Imposing Cultural dichotomies on the bible: a Review of “Heroes and Villains of the Bible”

by Anna Blanch on January 6, 2012

I’ve been a reviewer for BookSneeze for a couple of years now. I often request books that I think might be of interest to Goannatree readers. I chose Heroes & Villains of the Bible published under the Tommy Nelson imprints, because I wanted to see what was on offer in the way of child-appropriate discussions of the bible as cultural text (which a heroes/villains subtext implicitly denotes).

The book is almost a children’s bible of sorts comprising large chunks of text from the International Children’s Bible translation with very short (paragraph length) headers and endnotes for each excerpt by Tama Fortner. It is a hardcover book that should stand up to rough treatment by the 8-10 year old child who I would contend is the likely best audience.

There’s not much to review here. Almost the entire book is made up of the 50 excerpts of episodes featuring the heroes and villains in the bible. I could review the50  passages chosen, 17 of which feature “villains” like Satan, Cain, Pilate, Herod, Judas and Haman. But there neither seems to be glaring omissions or strange inclusions – although within the dichotomy of good v evil, there’s very little room for the reality of life as complex and that some of biblical heroes, like David and Abraham, also behaved pretty badly on occasion. There’s only about a paragraph at the beginning and end of each excerpt that offers any additional material. Mostly these point out whether the biblical character featured in the excerpt is a hero or a villain and challenges the reader in the most straightforward didactic fashion to choose whether to behave like a hero and declares that to do not would be to live for the devil (244). There’s certainly nothing hidden there. I wonder, honestly, what these head notes offer to the text?

The images have been produced in the style of computer generated animation and are very slick. This may be attractive to the target audience. although generally of high quality these images by Eikon Bible Art do have some moments that are slightly questionable. For example, the painted over skin of the Ethiopian makes it seem like they started with a white person and put black-face on them. A few of them felt a bit overproduced to me. There’s certainly no feeling of grittiness in any of them.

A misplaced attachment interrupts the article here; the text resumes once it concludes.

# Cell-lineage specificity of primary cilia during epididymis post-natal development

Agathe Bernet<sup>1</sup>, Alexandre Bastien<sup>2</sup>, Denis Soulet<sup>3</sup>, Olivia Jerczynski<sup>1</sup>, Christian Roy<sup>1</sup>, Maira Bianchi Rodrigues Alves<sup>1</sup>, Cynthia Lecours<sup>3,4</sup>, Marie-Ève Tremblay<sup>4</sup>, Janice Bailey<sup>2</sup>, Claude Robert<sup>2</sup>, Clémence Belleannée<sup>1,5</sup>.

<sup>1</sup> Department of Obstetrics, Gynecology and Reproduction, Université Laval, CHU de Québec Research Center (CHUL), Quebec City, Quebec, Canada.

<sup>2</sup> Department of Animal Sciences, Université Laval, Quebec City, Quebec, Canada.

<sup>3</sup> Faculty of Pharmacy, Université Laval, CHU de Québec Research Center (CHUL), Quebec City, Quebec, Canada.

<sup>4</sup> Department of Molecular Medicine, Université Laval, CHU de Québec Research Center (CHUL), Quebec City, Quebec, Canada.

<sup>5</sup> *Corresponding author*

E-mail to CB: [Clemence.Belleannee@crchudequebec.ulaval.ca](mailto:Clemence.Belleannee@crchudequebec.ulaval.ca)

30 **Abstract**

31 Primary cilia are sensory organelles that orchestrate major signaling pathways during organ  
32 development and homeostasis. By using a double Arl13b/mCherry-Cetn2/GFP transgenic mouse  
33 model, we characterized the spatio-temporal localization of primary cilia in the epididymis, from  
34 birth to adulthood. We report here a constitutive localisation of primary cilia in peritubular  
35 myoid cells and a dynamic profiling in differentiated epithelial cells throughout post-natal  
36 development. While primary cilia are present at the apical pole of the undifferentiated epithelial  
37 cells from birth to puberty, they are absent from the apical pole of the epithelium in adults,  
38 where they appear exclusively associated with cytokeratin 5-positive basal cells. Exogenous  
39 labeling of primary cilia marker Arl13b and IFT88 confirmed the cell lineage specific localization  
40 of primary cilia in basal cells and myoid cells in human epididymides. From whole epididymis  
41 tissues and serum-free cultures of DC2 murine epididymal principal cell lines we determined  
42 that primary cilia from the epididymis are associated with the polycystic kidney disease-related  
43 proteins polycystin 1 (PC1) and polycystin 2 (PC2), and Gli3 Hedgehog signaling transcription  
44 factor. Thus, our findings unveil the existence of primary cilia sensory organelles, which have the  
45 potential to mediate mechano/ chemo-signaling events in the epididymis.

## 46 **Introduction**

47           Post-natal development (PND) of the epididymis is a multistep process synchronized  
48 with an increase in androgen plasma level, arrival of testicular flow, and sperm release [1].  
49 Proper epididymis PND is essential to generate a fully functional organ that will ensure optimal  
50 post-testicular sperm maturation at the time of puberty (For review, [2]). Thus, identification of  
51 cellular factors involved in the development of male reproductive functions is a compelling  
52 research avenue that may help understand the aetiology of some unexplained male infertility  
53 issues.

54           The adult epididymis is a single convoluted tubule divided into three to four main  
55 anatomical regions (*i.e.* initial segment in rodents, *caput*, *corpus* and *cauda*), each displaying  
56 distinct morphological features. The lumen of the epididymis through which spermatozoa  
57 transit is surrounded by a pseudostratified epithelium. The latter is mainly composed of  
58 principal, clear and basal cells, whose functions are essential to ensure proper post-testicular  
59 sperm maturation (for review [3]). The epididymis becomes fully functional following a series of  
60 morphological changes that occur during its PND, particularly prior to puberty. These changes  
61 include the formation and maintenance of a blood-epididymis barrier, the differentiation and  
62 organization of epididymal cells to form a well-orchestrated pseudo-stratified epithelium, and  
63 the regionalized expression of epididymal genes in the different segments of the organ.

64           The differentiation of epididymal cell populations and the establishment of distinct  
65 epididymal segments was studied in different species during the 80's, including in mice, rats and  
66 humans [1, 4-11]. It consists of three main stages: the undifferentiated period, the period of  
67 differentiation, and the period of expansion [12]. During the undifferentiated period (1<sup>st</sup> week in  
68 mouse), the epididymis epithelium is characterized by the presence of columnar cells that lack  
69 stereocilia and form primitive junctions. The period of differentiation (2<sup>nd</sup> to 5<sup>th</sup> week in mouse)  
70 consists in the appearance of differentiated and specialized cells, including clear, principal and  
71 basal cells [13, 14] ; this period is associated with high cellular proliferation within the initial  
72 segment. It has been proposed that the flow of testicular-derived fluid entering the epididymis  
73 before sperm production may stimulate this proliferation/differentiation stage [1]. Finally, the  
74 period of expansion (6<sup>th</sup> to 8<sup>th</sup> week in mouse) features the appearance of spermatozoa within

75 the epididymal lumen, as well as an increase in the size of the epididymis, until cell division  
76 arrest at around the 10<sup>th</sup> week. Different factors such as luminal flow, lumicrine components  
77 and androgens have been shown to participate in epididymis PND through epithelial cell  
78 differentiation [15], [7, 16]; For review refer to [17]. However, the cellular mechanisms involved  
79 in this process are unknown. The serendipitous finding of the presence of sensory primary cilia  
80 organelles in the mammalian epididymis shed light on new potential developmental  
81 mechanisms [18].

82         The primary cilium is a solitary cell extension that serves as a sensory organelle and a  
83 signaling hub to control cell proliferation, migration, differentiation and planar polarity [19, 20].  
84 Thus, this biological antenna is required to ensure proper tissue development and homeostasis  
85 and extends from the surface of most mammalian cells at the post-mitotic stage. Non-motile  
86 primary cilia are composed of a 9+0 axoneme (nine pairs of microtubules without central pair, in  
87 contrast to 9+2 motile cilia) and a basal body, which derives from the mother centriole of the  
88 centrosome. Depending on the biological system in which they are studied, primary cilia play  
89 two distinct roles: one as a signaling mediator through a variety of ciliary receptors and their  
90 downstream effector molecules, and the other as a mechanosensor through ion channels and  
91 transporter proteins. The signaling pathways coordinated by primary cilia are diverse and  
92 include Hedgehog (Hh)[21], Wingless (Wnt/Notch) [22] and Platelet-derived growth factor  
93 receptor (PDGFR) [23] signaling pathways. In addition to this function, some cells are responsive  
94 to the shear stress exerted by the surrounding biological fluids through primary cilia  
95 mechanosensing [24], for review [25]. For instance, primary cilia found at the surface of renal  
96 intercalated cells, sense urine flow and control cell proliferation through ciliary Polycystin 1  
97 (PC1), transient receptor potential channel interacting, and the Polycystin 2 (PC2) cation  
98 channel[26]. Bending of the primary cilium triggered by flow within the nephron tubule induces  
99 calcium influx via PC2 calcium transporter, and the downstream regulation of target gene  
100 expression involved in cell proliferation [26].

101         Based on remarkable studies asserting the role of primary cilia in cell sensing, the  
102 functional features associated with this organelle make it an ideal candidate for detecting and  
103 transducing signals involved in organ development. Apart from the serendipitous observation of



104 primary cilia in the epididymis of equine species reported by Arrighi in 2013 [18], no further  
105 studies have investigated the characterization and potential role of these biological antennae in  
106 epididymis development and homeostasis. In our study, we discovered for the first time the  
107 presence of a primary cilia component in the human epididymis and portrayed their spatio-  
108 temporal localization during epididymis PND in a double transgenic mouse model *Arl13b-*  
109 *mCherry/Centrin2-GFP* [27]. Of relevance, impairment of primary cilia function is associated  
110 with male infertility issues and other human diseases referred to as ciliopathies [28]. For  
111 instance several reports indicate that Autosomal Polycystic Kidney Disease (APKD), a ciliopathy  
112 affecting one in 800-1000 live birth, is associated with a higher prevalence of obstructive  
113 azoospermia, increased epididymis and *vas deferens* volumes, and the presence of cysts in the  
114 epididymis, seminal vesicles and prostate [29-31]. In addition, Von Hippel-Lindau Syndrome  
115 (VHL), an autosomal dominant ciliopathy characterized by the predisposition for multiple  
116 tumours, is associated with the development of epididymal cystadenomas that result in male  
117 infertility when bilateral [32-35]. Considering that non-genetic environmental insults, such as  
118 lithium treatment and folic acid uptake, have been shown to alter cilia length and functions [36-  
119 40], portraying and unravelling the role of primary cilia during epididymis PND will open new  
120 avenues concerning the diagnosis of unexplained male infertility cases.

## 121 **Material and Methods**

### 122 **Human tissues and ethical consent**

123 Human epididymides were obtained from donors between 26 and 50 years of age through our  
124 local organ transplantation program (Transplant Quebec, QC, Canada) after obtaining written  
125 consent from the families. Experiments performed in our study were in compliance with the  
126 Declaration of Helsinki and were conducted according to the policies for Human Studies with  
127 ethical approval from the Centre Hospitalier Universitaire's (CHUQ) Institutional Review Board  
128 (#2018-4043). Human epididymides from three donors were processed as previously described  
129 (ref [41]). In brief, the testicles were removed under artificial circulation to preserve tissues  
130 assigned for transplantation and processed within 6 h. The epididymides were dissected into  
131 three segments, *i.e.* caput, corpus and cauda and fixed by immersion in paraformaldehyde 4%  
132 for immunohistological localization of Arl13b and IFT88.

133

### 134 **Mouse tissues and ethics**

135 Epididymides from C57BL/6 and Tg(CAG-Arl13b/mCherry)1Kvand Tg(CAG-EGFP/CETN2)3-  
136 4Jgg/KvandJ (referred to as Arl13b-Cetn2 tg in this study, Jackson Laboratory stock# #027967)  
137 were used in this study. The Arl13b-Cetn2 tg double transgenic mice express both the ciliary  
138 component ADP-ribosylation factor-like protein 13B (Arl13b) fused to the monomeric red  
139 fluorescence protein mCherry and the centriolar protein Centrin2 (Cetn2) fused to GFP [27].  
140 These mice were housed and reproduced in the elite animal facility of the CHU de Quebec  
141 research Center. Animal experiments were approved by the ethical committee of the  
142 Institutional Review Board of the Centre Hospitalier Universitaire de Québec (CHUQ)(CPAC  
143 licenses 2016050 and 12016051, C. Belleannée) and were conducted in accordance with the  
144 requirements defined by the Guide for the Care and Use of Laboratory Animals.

It finishes with the sentiment “Real Heroes Choose God.” My question would be, do they? The narrative of the hero and the villain is culturally imposed on the biblical text in a way that I’m not sure is helpful. I’m not saying it’s not a narrative that in some ways the bible was instrumental in shaping as a literary trope, but it’s just done in a heavy handed way here. If you have a child 8-10 who is enamored by the stories of heroes and villains and you’d like to help them see how they can think about the bible in similar terms (meeting them where they’re at) then I can see that this book may be a great boon to you and them (to prompt discussions for instance). But, would I generally recommend this as a good excerpted bible for child where the bible is treated as literature? No. the additional text is too heavy handed and is didactic in a way that leaves it open to criticism (hence this review). As usual, I’d encourage parents to read these texts for themselves before handing them over to your youngsters!

 A copy of this book was provided to the reviewer as part of my involvement as a BookSneeze reviewer. These are my own opinions. See my disclosure for more information.

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  • Goannatree

    Darn. This post deleted a great discussion Steve and I had about children’s literature. Silly comment system. Hopefully it is all fixed now.

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